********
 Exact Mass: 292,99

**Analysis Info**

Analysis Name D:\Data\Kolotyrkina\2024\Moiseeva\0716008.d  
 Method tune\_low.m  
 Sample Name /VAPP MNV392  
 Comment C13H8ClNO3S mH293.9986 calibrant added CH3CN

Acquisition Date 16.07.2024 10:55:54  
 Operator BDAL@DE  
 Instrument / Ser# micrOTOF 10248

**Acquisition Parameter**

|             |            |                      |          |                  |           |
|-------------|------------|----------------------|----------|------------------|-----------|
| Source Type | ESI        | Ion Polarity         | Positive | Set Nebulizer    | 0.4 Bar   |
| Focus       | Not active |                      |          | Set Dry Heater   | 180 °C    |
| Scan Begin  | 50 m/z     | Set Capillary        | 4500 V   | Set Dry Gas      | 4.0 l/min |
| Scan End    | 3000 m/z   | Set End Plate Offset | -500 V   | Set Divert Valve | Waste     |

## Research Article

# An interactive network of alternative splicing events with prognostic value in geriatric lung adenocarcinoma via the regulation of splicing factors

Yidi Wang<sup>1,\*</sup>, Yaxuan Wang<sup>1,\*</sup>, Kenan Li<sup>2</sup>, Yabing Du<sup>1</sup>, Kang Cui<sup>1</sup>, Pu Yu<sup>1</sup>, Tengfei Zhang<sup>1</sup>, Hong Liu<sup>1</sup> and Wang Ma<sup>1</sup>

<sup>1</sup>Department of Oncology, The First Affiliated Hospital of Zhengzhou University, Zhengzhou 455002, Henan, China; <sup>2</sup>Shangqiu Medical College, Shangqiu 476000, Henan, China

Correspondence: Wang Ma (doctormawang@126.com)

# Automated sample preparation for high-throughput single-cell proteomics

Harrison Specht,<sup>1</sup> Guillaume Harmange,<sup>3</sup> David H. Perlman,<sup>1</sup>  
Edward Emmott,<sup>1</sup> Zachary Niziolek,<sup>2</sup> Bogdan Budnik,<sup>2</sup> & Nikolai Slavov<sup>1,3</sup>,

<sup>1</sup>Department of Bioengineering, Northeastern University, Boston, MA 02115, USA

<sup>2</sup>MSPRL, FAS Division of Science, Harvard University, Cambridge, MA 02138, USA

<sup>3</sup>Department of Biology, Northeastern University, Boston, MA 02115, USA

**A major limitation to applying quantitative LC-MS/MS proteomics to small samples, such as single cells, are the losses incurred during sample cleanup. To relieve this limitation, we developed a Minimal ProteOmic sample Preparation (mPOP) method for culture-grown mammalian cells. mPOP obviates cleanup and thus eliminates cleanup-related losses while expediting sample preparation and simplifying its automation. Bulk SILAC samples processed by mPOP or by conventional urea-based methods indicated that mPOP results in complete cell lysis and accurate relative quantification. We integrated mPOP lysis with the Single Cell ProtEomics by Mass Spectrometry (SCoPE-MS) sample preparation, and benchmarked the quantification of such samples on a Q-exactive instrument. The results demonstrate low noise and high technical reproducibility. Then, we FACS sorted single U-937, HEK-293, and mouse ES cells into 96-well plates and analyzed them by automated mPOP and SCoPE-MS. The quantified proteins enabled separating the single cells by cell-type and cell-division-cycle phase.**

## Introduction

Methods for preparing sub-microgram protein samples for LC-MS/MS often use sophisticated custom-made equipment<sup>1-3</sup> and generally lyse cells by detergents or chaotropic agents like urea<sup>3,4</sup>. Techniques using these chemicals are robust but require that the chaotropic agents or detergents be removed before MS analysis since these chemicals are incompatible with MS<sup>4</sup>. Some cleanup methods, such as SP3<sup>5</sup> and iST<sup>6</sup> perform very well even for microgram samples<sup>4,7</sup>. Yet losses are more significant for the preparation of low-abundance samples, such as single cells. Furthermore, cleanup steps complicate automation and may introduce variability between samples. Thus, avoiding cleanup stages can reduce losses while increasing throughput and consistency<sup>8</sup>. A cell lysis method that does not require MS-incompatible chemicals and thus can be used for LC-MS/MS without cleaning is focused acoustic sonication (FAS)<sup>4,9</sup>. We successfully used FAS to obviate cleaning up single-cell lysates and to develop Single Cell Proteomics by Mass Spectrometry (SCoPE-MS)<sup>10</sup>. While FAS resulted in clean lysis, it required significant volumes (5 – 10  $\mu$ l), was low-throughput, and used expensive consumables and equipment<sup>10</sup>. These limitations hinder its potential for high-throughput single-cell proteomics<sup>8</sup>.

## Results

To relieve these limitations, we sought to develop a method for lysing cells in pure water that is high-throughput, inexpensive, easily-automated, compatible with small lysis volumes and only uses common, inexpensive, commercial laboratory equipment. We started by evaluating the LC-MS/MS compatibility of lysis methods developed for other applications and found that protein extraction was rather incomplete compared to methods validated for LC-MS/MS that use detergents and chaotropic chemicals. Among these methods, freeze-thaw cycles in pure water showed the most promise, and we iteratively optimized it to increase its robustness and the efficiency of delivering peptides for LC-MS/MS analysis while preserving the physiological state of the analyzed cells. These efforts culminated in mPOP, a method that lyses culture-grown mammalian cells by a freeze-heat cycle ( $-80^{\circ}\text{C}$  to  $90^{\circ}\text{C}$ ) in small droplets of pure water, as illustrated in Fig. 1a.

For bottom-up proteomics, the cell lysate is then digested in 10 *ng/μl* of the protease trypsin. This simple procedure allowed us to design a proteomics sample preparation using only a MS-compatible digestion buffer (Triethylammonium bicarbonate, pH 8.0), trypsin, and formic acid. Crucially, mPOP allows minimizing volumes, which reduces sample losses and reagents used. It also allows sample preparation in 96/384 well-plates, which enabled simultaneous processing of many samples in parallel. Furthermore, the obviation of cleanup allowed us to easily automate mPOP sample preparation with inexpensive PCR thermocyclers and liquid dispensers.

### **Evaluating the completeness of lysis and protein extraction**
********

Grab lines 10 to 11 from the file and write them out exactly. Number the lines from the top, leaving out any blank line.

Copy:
**Acquisition Parameter**

|             |            |                      |          |                  |           |